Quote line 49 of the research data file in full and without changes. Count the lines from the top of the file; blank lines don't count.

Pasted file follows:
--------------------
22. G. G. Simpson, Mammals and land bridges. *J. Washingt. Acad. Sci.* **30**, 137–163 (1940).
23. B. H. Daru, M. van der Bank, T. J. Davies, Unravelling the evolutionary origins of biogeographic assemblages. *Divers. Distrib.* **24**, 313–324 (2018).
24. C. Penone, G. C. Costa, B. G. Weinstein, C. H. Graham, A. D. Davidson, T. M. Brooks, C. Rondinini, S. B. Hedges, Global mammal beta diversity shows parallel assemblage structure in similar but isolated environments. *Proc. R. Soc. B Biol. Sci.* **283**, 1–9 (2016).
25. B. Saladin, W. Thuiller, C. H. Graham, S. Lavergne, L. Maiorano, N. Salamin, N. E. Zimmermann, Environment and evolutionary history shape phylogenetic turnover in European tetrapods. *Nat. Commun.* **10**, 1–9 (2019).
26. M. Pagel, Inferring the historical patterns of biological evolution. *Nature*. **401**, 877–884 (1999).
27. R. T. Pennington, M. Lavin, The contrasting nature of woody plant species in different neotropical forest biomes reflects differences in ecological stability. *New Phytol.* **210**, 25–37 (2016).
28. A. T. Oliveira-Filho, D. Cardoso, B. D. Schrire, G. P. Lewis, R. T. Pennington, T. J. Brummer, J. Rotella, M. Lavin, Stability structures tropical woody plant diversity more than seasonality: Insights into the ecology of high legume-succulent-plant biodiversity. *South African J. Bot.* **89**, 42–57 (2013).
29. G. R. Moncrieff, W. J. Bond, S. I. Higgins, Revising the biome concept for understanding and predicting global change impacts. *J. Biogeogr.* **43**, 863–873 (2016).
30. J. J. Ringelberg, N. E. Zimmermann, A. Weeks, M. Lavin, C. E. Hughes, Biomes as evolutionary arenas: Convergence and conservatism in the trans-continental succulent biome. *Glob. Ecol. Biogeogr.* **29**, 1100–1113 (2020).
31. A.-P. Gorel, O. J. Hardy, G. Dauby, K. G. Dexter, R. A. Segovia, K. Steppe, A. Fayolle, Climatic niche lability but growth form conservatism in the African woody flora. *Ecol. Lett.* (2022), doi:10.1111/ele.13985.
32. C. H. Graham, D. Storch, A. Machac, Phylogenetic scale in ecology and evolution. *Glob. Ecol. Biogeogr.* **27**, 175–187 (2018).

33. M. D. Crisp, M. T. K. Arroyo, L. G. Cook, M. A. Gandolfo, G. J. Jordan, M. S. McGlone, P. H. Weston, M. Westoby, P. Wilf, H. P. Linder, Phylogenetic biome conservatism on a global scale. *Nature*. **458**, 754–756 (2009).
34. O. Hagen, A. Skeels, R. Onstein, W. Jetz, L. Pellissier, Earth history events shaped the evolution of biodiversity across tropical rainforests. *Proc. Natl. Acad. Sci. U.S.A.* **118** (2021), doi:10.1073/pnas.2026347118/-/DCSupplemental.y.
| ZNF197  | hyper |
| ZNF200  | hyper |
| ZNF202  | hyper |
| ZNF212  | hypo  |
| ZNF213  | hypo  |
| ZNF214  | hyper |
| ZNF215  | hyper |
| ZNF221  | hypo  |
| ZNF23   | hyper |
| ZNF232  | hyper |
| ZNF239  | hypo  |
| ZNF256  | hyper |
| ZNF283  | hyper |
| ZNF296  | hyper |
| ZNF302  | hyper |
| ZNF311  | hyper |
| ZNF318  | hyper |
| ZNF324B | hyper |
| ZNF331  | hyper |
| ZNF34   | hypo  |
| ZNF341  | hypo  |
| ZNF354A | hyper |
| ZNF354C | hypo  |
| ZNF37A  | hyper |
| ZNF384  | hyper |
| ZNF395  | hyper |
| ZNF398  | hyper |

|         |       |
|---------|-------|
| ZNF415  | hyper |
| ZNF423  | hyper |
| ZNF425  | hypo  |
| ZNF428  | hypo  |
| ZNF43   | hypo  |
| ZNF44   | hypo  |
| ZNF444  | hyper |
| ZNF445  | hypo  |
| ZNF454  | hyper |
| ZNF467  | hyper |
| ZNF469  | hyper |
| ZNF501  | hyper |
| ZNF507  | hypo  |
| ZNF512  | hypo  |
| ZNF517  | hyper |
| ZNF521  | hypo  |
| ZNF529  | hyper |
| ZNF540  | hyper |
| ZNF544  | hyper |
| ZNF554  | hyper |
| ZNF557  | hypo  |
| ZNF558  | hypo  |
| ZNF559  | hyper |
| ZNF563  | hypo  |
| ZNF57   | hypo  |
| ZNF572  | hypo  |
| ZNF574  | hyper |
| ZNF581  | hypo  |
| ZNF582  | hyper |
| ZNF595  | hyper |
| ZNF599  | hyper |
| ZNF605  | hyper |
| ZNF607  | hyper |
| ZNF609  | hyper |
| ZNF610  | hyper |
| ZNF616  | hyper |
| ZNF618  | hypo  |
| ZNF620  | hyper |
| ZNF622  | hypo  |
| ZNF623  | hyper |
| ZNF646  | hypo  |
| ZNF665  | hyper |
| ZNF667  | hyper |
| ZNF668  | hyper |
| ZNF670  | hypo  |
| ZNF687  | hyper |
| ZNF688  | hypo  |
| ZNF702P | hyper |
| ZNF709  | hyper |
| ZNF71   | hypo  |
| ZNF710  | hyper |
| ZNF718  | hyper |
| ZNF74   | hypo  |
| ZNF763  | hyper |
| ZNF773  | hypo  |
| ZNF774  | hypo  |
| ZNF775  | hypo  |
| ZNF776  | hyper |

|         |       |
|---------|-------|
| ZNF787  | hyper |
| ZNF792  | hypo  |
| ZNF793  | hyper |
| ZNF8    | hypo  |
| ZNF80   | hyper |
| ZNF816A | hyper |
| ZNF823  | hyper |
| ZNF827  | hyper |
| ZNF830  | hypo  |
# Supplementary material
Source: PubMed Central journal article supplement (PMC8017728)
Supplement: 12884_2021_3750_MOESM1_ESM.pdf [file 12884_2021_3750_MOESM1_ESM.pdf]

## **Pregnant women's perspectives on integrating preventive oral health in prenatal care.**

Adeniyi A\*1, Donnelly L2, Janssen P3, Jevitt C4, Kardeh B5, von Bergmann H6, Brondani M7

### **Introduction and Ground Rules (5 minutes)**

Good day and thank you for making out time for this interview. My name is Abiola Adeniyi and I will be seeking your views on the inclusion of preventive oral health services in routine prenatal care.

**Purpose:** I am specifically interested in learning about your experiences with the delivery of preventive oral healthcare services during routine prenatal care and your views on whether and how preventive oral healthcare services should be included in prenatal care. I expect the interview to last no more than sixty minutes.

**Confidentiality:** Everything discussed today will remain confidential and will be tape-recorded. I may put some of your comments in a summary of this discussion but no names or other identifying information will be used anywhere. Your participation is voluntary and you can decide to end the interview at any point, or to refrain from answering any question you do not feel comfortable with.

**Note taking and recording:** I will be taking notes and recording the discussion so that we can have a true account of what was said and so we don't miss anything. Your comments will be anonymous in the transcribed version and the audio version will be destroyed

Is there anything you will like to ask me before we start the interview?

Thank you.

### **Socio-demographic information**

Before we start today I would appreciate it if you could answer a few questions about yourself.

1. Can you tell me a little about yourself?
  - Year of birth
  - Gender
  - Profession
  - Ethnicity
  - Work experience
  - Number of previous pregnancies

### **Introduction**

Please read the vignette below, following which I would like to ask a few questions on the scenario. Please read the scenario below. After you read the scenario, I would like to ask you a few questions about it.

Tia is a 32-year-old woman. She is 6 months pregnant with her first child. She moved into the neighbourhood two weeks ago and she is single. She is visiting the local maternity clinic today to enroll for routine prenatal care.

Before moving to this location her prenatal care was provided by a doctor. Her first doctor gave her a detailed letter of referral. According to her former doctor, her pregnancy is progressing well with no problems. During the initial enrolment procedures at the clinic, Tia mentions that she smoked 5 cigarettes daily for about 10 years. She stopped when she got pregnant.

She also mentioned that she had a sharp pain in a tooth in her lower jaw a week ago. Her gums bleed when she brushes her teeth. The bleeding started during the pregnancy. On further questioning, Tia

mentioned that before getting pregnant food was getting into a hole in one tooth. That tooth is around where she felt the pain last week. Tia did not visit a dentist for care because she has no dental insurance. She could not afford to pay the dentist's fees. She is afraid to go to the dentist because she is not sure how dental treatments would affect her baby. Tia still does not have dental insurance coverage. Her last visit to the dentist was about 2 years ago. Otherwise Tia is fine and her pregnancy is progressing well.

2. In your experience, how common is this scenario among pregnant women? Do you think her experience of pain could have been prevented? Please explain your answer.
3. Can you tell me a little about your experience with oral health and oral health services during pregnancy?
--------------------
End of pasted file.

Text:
| ZNF444  | hyper |